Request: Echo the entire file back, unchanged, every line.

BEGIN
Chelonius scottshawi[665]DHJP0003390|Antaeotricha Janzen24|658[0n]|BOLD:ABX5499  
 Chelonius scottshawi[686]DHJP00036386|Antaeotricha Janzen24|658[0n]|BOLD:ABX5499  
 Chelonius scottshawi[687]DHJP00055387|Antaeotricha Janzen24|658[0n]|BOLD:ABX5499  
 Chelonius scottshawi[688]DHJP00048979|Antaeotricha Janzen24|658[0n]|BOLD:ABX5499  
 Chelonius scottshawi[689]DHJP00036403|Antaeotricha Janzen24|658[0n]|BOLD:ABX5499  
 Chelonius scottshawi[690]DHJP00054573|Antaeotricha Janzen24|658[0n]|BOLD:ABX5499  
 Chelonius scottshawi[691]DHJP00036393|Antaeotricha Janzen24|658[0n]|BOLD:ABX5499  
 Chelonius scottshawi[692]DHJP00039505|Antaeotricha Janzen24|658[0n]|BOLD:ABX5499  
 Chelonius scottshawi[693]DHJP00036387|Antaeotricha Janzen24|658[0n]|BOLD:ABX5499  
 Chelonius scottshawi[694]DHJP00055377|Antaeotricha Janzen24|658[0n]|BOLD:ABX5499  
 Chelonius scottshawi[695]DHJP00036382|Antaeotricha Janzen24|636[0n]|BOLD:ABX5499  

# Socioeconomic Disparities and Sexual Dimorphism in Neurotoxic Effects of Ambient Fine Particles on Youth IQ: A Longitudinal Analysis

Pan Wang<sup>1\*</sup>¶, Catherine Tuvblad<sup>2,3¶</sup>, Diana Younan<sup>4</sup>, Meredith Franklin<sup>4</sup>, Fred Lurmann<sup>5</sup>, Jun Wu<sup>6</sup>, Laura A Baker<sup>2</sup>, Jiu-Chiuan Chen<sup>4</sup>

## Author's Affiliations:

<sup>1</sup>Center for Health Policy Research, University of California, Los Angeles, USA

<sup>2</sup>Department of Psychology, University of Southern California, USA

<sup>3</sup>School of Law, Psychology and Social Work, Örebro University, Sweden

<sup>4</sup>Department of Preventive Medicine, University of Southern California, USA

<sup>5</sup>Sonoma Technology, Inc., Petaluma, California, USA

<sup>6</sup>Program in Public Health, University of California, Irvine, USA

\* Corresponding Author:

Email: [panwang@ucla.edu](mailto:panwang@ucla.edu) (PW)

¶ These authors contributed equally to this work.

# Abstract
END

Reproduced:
Chelonius scottshawi[665]DHJP0003390|Antaeotricha Janzen24|658[0n]|BOLD:ABX5499  
 Chelonius scottshawi[686]DHJP00036386|Antaeotricha Janzen24|658[0n]|BOLD:ABX5499  
 Chelonius scottshawi[687]DHJP00055387|Antaeotricha Janzen24|658[0n]|BOLD:ABX5499  
 Chelonius scottshawi[688]DHJP00048979|Antaeotricha Janzen24|658[0n]|BOLD:ABX5499  
 Chelonius scottshawi[689]DHJP00036403|Antaeotricha Janzen24|658[0n]|BOLD:ABX5499  
 Chelonius scottshawi[690]DHJP00054573|Antaeotricha Janzen24|658[0n]|BOLD:ABX5499  
 Chelonius scottshawi[691]DHJP00036393|Antaeotricha Janzen24|658[0n]|BOLD:ABX5499  
 Chelonius scottshawi[692]DHJP00039505|Antaeotricha Janzen24|658[0n]|BOLD:ABX5499  
 Chelonius scottshawi[693]DHJP00036387|Antaeotricha Janzen24|658[0n]|BOLD:ABX5499  
 Chelonius scottshawi[694]DHJP00055377|Antaeotricha Janzen24|658[0n]|BOLD:ABX5499  
 Chelonius scottshawi[695]DHJP00036382|Antaeotricha Janzen24|636[0n]|BOLD:ABX5499  

# Socioeconomic Disparities and Sexual Dimorphism in Neurotoxic Effects of Ambient Fine Particles on Youth IQ: A Longitudinal Analysis

Pan Wang<sup>1\*</sup>¶, Catherine Tuvblad<sup>2,3¶</sup>, Diana Younan<sup>4</sup>, Meredith Franklin<sup>4</sup>, Fred Lurmann<sup>5</sup>, Jun Wu<sup>6</sup>, Laura A Baker<sup>2</sup>, Jiu-Chiuan Chen<sup>4</sup>

## Author's Affiliations:

<sup>1</sup>Center for Health Policy Research, University of California, Los Angeles, USA

<sup>2</sup>Department of Psychology, University of Southern California, USA

<sup>3</sup>School of Law, Psychology and Social Work, Örebro University, Sweden

<sup>4</sup>Department of Preventive Medicine, University of Southern California, USA

<sup>5</sup>Sonoma Technology, Inc., Petaluma, California, USA

<sup>6</sup>Program in Public Health, University of California, Irvine, USA

\* Corresponding Author:

Email: [panwang@ucla.edu](mailto:panwang@ucla.edu) (PW)

¶ These authors contributed equally to this work.

# Abstract